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Spanish regions likely to overshoot deficit targets: watchdog

Wednesday, December 17, 2014 - 06:45
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Spain's autonomous regions are likely to overshoot their budget deficit target this year and in 2015, the country's new fiscal watchdog said, urging the central government to act to prevent them overspending.

[MADRID] Spain's autonomous regions are likely to overshoot their budget deficit target this year and in 2015, the country's new fiscal watchdog said, urging the central government to act to prevent them overspending.

The 17 autonomous regions are supposed to end 2014 with a collective deficit of 1 per cent of gross domestic product, and to cut that to 0.7 per cent in 2015.

AIReF, an independent fiscal authority created after Spain was forced to ask Europe for a 41.3 billion-euro (US$52 billion) aid package for its weakest banks, said in a report that the two deficit goals were "very hard to achieve".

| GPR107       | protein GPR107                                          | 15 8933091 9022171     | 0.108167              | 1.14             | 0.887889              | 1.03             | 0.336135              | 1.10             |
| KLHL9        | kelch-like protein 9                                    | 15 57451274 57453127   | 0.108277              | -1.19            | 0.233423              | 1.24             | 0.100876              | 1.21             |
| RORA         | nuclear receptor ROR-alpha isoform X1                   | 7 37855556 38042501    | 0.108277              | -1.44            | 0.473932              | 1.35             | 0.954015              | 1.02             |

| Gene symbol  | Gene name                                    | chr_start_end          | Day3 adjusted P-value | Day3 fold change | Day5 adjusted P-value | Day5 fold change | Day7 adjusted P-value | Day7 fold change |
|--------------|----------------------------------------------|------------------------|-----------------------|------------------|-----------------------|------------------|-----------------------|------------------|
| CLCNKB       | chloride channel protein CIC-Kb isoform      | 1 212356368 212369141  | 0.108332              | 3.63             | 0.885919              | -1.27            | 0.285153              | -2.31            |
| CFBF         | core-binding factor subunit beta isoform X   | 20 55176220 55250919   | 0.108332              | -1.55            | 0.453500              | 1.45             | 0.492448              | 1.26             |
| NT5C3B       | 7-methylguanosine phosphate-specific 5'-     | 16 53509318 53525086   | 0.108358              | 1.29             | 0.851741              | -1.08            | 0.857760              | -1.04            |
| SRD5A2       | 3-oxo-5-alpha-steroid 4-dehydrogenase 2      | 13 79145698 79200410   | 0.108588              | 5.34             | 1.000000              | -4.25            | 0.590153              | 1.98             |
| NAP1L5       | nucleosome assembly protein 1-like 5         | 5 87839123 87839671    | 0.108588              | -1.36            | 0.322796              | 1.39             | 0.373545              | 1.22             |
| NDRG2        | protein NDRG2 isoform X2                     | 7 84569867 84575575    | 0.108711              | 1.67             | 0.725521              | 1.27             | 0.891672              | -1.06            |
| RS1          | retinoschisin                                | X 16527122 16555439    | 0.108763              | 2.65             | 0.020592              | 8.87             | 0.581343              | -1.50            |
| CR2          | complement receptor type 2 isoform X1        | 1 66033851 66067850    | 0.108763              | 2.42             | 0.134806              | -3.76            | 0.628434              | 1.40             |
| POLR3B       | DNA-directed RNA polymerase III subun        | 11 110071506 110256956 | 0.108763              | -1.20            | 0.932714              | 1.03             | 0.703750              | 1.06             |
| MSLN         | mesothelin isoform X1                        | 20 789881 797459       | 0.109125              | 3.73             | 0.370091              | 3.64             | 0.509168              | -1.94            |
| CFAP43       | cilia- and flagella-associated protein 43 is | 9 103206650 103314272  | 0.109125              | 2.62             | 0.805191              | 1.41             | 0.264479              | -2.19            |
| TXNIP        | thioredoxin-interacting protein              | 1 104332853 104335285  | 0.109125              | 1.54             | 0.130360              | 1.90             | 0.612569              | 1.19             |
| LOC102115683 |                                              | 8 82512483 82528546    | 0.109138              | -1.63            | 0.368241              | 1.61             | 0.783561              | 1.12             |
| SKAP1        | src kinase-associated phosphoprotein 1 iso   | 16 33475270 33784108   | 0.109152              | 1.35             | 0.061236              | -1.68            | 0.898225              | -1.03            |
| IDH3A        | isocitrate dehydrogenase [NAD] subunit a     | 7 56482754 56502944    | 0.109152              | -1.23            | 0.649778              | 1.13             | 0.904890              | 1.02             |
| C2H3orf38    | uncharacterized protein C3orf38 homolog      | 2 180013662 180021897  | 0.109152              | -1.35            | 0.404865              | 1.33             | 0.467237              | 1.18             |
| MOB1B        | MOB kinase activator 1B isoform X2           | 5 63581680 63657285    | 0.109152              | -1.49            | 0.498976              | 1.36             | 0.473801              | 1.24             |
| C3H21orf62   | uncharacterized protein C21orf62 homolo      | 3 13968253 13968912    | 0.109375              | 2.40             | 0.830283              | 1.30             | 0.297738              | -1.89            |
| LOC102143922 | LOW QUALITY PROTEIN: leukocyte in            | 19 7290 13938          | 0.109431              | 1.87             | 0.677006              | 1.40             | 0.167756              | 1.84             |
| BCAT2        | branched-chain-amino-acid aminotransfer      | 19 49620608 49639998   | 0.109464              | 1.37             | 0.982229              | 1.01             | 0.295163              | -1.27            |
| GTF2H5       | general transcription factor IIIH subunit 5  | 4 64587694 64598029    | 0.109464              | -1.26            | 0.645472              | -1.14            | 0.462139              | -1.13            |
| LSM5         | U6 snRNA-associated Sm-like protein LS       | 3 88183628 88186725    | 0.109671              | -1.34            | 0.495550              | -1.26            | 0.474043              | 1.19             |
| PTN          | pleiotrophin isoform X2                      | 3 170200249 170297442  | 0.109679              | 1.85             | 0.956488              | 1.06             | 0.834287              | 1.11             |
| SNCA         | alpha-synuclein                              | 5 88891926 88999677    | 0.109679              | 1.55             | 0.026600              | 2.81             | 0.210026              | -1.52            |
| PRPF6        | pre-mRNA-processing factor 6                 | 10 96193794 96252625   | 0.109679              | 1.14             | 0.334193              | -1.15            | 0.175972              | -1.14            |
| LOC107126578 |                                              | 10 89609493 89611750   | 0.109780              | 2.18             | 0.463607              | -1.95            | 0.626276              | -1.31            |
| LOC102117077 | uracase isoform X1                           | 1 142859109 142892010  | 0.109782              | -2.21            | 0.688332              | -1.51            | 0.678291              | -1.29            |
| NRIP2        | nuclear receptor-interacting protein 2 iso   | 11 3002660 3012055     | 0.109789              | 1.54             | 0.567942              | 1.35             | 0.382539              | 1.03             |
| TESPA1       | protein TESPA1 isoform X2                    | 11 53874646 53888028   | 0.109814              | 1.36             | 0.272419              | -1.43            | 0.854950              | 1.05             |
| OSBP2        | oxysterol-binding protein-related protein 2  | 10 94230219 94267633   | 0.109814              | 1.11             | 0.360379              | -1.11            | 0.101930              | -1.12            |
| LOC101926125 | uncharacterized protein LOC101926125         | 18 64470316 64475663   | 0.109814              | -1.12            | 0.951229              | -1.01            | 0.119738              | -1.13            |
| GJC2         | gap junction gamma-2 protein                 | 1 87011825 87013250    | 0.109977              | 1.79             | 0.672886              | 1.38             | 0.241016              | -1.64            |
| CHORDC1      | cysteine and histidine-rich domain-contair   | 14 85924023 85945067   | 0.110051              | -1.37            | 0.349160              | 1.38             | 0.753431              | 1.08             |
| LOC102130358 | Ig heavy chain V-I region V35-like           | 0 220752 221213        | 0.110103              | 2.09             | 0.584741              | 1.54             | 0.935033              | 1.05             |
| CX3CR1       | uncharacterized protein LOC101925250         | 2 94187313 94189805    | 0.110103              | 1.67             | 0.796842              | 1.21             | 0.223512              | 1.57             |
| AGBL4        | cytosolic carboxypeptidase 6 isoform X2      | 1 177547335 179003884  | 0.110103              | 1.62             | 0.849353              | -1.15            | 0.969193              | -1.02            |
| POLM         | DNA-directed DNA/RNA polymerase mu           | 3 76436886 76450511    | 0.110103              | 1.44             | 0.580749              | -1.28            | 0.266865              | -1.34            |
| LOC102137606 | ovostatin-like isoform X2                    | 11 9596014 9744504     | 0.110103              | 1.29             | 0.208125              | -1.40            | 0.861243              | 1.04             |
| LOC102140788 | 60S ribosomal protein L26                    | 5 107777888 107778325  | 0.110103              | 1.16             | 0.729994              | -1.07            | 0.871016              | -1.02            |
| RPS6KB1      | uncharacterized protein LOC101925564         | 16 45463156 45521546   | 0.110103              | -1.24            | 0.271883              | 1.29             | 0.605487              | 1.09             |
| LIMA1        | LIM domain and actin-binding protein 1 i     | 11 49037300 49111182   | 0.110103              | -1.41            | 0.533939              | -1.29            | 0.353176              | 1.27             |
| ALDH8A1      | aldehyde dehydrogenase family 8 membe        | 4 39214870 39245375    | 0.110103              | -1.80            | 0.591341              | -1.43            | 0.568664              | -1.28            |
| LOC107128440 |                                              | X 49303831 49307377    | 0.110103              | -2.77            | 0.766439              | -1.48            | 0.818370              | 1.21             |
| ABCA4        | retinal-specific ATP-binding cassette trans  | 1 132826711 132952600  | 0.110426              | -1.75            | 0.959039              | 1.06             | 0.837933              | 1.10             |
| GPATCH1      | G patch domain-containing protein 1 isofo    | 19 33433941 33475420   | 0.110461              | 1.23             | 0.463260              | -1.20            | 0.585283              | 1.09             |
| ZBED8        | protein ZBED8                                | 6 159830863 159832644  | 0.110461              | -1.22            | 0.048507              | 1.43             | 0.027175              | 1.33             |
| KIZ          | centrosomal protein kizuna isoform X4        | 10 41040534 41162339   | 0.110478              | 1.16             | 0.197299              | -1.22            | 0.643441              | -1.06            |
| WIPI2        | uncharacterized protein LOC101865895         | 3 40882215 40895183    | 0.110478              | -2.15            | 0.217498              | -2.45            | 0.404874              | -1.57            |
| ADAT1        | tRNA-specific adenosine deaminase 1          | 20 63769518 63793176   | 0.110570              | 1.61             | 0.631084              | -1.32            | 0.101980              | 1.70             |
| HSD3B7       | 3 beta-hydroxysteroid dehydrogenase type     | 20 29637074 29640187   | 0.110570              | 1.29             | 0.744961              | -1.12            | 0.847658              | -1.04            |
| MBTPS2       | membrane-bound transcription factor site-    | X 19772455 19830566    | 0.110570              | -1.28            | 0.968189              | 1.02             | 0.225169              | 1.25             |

Nine of the 17 regions, including Madrid and wealthy Catalonia, were at risk of missing their individual targets in 2015, the watchdog said.

Overspending by the regions came under scrutiny when Spain found itself at the centre of a euro zone debt crisis in 2012, the year it also had to bail out its banks, many of which had been controlled by local governments.

Madrid has wielded major spending cuts in recent years as it tried to rein in the deficit. The centre-right government has pressured regions to keep spending in check, though it has refrained from meddling directly with local finances.

It is now looking at ways to further ease financing for the regions, potentially by mutualising debt, as some have had trouble accessing markets alone and needed special liquidity lines during a deep recession.

Spanish officials have said the country as a whole should be able to meet its deficit target of 5.5 per cent of GDP for 2014. But the Bank of Spain has already warned that meeting a goal of 4.2 per cent of GDP in 2015 will be tough.

Spain closed 2013 with a deficit of 6.33 per cent of GDP, inside a 6.5 per cent goal agreed with Brussels, after a revision of the methodology used to calculate GDP.

REUTERS